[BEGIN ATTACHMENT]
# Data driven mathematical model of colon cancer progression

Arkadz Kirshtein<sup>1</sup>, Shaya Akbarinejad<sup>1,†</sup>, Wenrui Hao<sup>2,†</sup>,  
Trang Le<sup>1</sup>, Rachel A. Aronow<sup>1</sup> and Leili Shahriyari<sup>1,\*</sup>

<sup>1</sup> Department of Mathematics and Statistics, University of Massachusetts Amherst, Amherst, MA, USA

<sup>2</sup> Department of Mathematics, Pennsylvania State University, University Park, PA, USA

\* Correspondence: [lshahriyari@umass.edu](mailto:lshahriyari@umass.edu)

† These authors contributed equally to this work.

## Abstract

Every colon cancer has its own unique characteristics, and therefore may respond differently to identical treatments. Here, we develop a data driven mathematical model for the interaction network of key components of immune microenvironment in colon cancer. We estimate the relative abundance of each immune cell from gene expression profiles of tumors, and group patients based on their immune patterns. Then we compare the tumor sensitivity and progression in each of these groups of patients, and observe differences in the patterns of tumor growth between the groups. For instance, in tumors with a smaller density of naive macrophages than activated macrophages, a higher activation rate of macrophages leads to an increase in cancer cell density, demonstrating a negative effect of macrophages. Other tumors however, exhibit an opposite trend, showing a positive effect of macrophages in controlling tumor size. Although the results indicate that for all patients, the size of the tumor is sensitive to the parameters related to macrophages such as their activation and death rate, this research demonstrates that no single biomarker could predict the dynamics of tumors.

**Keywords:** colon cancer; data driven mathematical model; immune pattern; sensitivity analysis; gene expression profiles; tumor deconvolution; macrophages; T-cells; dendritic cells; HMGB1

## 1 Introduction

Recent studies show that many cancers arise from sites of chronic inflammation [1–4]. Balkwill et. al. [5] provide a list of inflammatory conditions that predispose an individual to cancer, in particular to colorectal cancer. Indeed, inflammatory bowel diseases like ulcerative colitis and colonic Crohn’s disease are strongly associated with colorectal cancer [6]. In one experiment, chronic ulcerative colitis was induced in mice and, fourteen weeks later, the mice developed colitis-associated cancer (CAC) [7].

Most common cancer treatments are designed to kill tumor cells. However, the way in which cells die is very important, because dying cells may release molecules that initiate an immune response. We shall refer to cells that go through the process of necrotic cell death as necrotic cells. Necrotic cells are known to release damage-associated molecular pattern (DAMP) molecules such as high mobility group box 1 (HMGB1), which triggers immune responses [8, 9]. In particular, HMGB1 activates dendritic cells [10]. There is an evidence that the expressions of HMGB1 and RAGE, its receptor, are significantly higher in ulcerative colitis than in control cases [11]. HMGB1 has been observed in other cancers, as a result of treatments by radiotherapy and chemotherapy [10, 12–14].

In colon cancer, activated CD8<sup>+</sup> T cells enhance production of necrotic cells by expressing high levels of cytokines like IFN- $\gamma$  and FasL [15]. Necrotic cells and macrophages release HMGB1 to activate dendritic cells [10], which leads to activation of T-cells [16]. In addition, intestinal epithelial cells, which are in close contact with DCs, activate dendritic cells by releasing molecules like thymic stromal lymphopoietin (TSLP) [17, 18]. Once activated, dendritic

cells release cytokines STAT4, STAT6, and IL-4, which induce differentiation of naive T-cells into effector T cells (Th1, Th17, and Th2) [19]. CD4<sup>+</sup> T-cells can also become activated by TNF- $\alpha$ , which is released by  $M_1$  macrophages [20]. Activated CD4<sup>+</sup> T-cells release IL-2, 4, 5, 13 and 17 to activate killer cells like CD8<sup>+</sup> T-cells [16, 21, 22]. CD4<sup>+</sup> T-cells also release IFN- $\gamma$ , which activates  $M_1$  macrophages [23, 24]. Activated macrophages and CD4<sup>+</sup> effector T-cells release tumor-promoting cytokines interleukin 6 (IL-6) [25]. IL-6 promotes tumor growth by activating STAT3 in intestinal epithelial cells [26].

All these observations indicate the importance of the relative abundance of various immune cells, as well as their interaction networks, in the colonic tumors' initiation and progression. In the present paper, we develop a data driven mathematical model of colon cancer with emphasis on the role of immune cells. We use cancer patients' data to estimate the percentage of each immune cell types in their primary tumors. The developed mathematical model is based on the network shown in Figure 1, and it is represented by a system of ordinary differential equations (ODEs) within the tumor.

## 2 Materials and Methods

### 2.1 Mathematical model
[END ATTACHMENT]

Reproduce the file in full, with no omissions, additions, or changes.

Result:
# Data driven mathematical model of colon cancer progression

Arkadz Kirshtein<sup>1</sup>, Shaya Akbarinejad<sup>1,†</sup>, Wenrui Hao<sup>2,†</sup>,  
Trang Le<sup>1</sup>, Rachel A. Aronow<sup>1</sup> and Leili Shahriyari<sup>1,\*</sup>

<sup>1</sup> Department of Mathematics and Statistics, University of Massachusetts Amherst, Amherst, MA, USA

<sup>2</sup> Department of Mathematics, Pennsylvania State University, University Park, PA, USA

\* Correspondence: [lshahriyari@umass.edu](mailto:lshahriyari@umass.edu)

† These authors contributed equally to this work.

## Abstract

Every colon cancer has its own unique characteristics, and therefore may respond differently to identical treatments. Here, we develop a data driven mathematical model for the interaction network of key components of immune microenvironment in colon cancer. We estimate the relative abundance of each immune cell from gene expression profiles of tumors, and group patients based on their immune patterns. Then we compare the tumor sensitivity and progression in each of these groups of patients, and observe differences in the patterns of tumor growth between the groups. For instance, in tumors with a smaller density of naive macrophages than activated macrophages, a higher activation rate of macrophages leads to an increase in cancer cell density, demonstrating a negative effect of macrophages. Other tumors however, exhibit an opposite trend, showing a positive effect of macrophages in controlling tumor size. Although the results indicate that for all patients, the size of the tumor is sensitive to the parameters related to macrophages such as their activation and death rate, this research demonstrates that no single biomarker could predict the dynamics of tumors.

**Keywords:** colon cancer; data driven mathematical model; immune pattern; sensitivity analysis; gene expression profiles; tumor deconvolution; macrophages; T-cells; dendritic cells; HMGB1

## 1 Introduction

Recent studies show that many cancers arise from sites of chronic inflammation [1–4]. Balkwill et. al. [5] provide a list of inflammatory conditions that predispose an individual to cancer, in particular to colorectal cancer. Indeed, inflammatory bowel diseases like ulcerative colitis and colonic Crohn’s disease are strongly associated with colorectal cancer [6]. In one experiment, chronic ulcerative colitis was induced in mice and, fourteen weeks later, the mice developed colitis-associated cancer (CAC) [7].

Most common cancer treatments are designed to kill tumor cells. However, the way in which cells die is very important, because dying cells may release molecules that initiate an immune response. We shall refer to cells that go through the process of necrotic cell death as necrotic cells. Necrotic cells are known to release damage-associated molecular pattern (DAMP) molecules such as high mobility group box 1 (HMGB1), which triggers immune responses [8, 9]. In particular, HMGB1 activates dendritic cells [10]. There is an evidence that the expressions of HMGB1 and RAGE, its receptor, are significantly higher in ulcerative colitis than in control cases [11]. HMGB1 has been observed in other cancers, as a result of treatments by radiotherapy and chemotherapy [10, 12–14].

In colon cancer, activated CD8<sup>+</sup> T cells enhance production of necrotic cells by expressing high levels of cytokines like IFN- $\gamma$  and FasL [15]. Necrotic cells and macrophages release HMGB1 to activate dendritic cells [10], which leads to activation of T-cells [16]. In addition, intestinal epithelial cells, which are in close contact with DCs, activate dendritic cells by releasing molecules like thymic stromal lymphopoietin (TSLP) [17, 18]. Once activated, dendritic

cells release cytokines STAT4, STAT6, and IL-4, which induce differentiation of naive T-cells into effector T cells (Th1, Th17, and Th2) [19]. CD4<sup>+</sup> T-cells can also become activated by TNF- $\alpha$ , which is released by  $M_1$  macrophages [20]. Activated CD4<sup>+</sup> T-cells release IL-2, 4, 5, 13 and 17 to activate killer cells like CD8<sup>+</sup> T-cells [16, 21, 22]. CD4<sup>+</sup> T-cells also release IFN- $\gamma$ , which activates  $M_1$  macrophages [23, 24]. Activated macrophages and CD4<sup>+</sup> effector T-cells release tumor-promoting cytokines interleukin 6 (IL-6) [25]. IL-6 promotes tumor growth by activating STAT3 in intestinal epithelial cells [26].

All these observations indicate the importance of the relative abundance of various immune cells, as well as their interaction networks, in the colonic tumors' initiation and progression. In the present paper, we develop a data driven mathematical model of colon cancer with emphasis on the role of immune cells. We use cancer patients' data to estimate the percentage of each immune cell types in their primary tumors. The developed mathematical model is based on the network shown in Figure 1, and it is represented by a system of ordinary differential equations (ODEs) within the tumor.

## 2 Materials and Methods

### 2.1 Mathematical model